It is clear that growth and sporulation are inexorably intertwined in the most fundamental of cellular functions including chromosome replication and division but the mechanisms that join these processes are poorly, if at all, understood. This research program investigates regulatory connections between the coordination of cell growth and division and the basic mechanisms by which proteins evolve molecular recognition. This proposal investigates two-component signaling at several levels. A vital system, YycFG, required for homeostatic maintenance of cell wall and membrane components essential for growth is shown to be physically associated with the division mechanism and to receive and possibly coordinate signaling between division and cell wall synthesis. Protein:protein association in heterologous multiprotein complexes is one means for sharing information between processes and for amalgamating enzymes of biosynthetic pathways into super-molecular complexes. How proteins know who to assemble with is determined by interaction surface residues. In this proposal we apply our mathematical analyses of large sets of proteins deduced from genomic sequence databases to identify interaction surfaces to the problem of how biosynthetic pathways form large synthetic complexes. Despite the considerable evidence for the interweaving of regulatory controls for growth and sporulation, there is very little known f signals or mechanisms that decide between the two outcomes for cell division;growth or sporulation. New investigations are proposed in understanding sensor kinase regulation and to delve deeper into the regulatory connections with growth. The significance of this research is not limited to understanding the phosphorelay and sporulation in a corner of the bacterial world but has regulatory implications for signal transduction in eukaryotes and plants.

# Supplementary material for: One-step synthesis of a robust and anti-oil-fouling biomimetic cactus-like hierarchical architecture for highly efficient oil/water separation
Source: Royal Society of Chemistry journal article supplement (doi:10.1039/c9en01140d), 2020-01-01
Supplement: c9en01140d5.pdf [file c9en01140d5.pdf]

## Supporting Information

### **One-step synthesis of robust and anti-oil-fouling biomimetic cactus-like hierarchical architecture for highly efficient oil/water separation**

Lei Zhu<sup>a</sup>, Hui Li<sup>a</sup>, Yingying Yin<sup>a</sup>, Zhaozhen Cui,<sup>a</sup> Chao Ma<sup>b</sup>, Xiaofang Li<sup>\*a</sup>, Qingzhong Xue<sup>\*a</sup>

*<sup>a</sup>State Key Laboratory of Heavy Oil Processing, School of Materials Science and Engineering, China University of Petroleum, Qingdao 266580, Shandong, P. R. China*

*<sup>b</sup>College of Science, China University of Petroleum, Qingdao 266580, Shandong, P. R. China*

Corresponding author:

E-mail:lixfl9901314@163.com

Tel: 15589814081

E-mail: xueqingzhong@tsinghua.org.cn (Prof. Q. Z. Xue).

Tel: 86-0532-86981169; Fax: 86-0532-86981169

This proposal continues long term studies designed to understand how bacteria respond to environmental and cell cycle signals to promote growth, division, and development. Interference with these mechanisms is the basis for design of molecules to combat infectious disease.
|Feinauer, Christoph; Szurmant, Hendrik; Weigt, Martin et al. (2016) Inter-Protein Sequence Co-Evolution Predicts Known Physical Interactions in Bacterial Ribosomes and the Trp Operon. PLoS One 11:e0149166|
|Wu, R; Gu, M; Wilton, R et al. (2013) Insight into the sporulation phosphorelay: crystal structure of the sensor domain of Bacillus subtilis histidine kinase, KinD. Protein Sci 22:564-76|
|Pokkuluri, P Raj; Dwulit-Smith, Jeff; Duke, Norma E et al. (2013) Analysis of periplasmic sensor domains from Anaeromyxobacter dehalogenans 2CP-C: structure of one sensor domain from a histidine kinase and another from a chemotaxis protein. Microbiologyopen 2:766-77|
|Perego, Marta (2013) Forty years in the making: understanding the molecular mechanism of peptide regulation in bacterial development. PLoS Biol 11:e1001516|
|Szurmant, Hendrik; Hoch, James A (2013) Statistical analyses of protein sequence alignments identify structures and mechanisms in signal activation of sensor histidine kinases. Mol Microbiol 87:707-12|
|Bobay, Benjamin G; Hoch, James A; Cavanagh, John (2012) Dynamics and activation in response regulators: the ?4-?4 loop. Biomol Concepts 3:175-182|
|Diaz, Alejandra R; Core, Leighton J; Jiang, Min et al. (2012) Bacillus subtilis RapA phosphatase domain interaction with its substrate, phosphorylated Spo0F, and its inhibitor, the PhrA peptide. J Bacteriol 194:1378-88|
|Dago, Angel E; Schug, Alexander; Procaccini, Andrea et al. (2012) Structural basis of histidine kinase autophosphorylation deduced by integrating genomics, molecular dynamics, and mutagenesis. Proc Natl Acad Sci U S A 109:E1733-42|
|Procaccini, Andrea; Lunt, Bryan; Szurmant, Hendrik et al. (2011) Dissecting the specificity of protein-protein interaction in bacterial two-component signaling: orphans and crosstalks. PLoS One 6:e19729|
|Baker, Kris Ann; Perego, Marta (2011) Transcription antitermination by a phosphorylated response regulator and cobalamin-dependent termination at a B?? riboswitch contribute to ethanolamine utilization in Enterococcus faecalis. J Bacteriol 193:2575-86|
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